1. Introduce the activity.
Tell students that researchers on the Genographic Project are using DNA collected from many thousands of people to reconstruct different branches of humanity's family tree. The researchers do this by connecting genetic markers from different populations of humans over time. Make sure students understand what genetic markers are—occasional mutations in DNA that are passed on through generations. Tell students that they are about to play a game that will help them understand how this process works.
2. Prepare for the activity.
Divide students into four small groups. Give each group one set of colored markers, 50 index cards, and the Descendant Randomizer worksheet. Have students cut out the numbers, fold them, and put them into a cup or hat. Assign each group to a table or space on the floor where they have room to lay the cards out in a tree structure.
3. Complete round one.
Tell each group to:
- Write “1” on one side of a blank index card to represent the number of the round.
- Draw a unique symbol, such as a heart, star, or circle, on the other side. Tell students the symbol represents a mutation, or genetic marker.
- Pull a descendant randomizer number from the cup or hat. Tell students the number represents the number of descendants they have during that round.
If groups draw a zero in the first few rounds, they can draw again. After the first few rounds, a zero means no descendants.
4. Complete round two.
Tell each group to:
- Write a “2” on the back of the index card for each descendant.
- Draw the unique symbol from round one on each descendant card. If the number is red, draw a different unique symbol on one of the cards to introduce a new genetic marker into the game.
- Place the new cards in a row directly below the card from round one. See the Genetics Diversity layer of the Population Genetics section in the Genetics Overview interactive for an example of how the cards should form a tree.
- Pull a descendant randomizer number for each card in row 2.
5. Complete round three.
Tell each group to:
- Write a “3” on the back of the index card for each descendant.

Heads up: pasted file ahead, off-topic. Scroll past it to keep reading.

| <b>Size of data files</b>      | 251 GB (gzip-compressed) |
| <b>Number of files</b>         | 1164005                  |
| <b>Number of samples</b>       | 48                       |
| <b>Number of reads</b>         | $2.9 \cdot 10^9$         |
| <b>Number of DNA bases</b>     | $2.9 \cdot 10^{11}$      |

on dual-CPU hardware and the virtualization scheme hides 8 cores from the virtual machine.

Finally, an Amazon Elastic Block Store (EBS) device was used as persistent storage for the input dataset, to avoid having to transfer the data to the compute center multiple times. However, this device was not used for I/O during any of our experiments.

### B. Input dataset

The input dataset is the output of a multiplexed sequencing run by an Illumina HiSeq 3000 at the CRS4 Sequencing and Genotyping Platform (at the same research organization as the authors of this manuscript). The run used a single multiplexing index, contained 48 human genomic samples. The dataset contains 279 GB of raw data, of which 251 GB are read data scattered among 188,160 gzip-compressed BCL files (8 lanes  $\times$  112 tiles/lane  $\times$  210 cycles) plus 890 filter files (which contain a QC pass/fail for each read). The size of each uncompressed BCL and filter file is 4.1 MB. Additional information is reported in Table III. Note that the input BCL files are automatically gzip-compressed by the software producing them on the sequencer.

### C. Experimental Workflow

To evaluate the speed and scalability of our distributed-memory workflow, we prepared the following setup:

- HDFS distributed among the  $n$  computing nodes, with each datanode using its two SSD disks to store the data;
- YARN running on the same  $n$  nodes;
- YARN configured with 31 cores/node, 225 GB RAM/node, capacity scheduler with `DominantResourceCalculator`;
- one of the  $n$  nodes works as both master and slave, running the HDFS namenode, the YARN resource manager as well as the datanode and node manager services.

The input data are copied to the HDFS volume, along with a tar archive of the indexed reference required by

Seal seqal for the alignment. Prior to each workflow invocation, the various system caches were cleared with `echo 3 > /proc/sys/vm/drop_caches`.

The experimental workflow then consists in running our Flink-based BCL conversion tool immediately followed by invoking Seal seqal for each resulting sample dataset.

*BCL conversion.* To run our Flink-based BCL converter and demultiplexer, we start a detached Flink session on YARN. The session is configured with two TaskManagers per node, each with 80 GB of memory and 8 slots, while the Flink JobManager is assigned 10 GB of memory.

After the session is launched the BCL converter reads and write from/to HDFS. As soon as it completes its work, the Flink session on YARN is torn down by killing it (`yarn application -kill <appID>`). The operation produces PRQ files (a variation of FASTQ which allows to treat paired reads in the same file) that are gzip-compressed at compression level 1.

- Draw the unique symbols inherited from the corresponding round on two descendant cards. If a number is red, draw a third unique symbol on one of the cards to introduce a new genetic marker into the game.
- Place the new cards in a row directly below the corresponding cards from round two. There should be one card from round one, one to three cards from round two, and one to nine cards from round three.
- Pull a descendant randomizer number for each card in row 3.
6. Complete rounds four to ten.
Tell each group to repeat the steps in round three, recording each new round number on the back of each descendant card, until they have 15-20 cards in the final round.
7. Record the results.
Have each group draw their group's family tree on a piece of paper, using lines to connect each descendant to its ancestor. Have students draw lines around groups of descendants with the same symbols, or genetic markers. Explain that these represent lineages—groups of people that descended directly from the same ancestor. Ask: Do all descendants of a particular individual inherit the same genetic markers? Explain. Have students try tracing several descendants on the bottom line back to their original ancestor. Discuss how the genetic markers enable them to do this.
Have groups trade cards and, using the information on them, reconstruct their classmates' cards into a tree. Have groups compare the results with the original tree made by their classmates.
Extending the Learning
- Show the video Journey of Man, about the Genographic Project. Go to the PBS website to find out where you can get the Journey of Man documentary.
Subjects & Disciplines
- describe how genetic markers enable researchers to identify human lineages
- Hands-on learning
Critical Thinking Skills
- Geographic Skills
Connections to National Standards, Principles, and Practices
National Council for Social Studies Curriculum Standards
- Theme 3: People, Places, and Environments
National Geography Standards
- Standard 9: The characteristics, distribution, and migration of human populations on Earth's surface
National Science Education Standards
- (9-12) Standard C-3: Biological evolution
What You’ll Need
Materials You Provide
- Colored markers
- Index cards
- Paper cups
The resources are also available at the top of the page.
- Large-group instruction
- Small-group instruction
The Genographic Project studies where our early human ancestors came from and how humans came to populate the entire planet. The project relies on the identification of genetic markers—occasional mutations to DNA that are passed on through generations. Different populations carry distinct genetic markers. Following the markers through thousands of human generations enables scientists to track our human origins back to Africa and to reconstruct the major lineages that evolved as early humans spread around the world.
- genetic markers
- The Genographic Project
Recommended Prior Activities
children, grandchildren, and other offspring.
(deoxyribonucleic acid) molecule in every living organism that contains specific genetic information on that organism.
part of DNA that is the basic unit of heredity.
gene that is located on a specific place on a chromosome.
line of descendants of a particular ancestor.
sudden variation in one or more characteristics caused by a change in a gene or chromosome.
- Wells, Spencer. The Journey of Man: A Genetic Odyssey. New Jersey: Princeton University Press, 2002. Print.
- Wells, Spencer. Deep Ancestry: Inside The Genographic Project. Washington, D.C.: National Geographic, 2006. Print.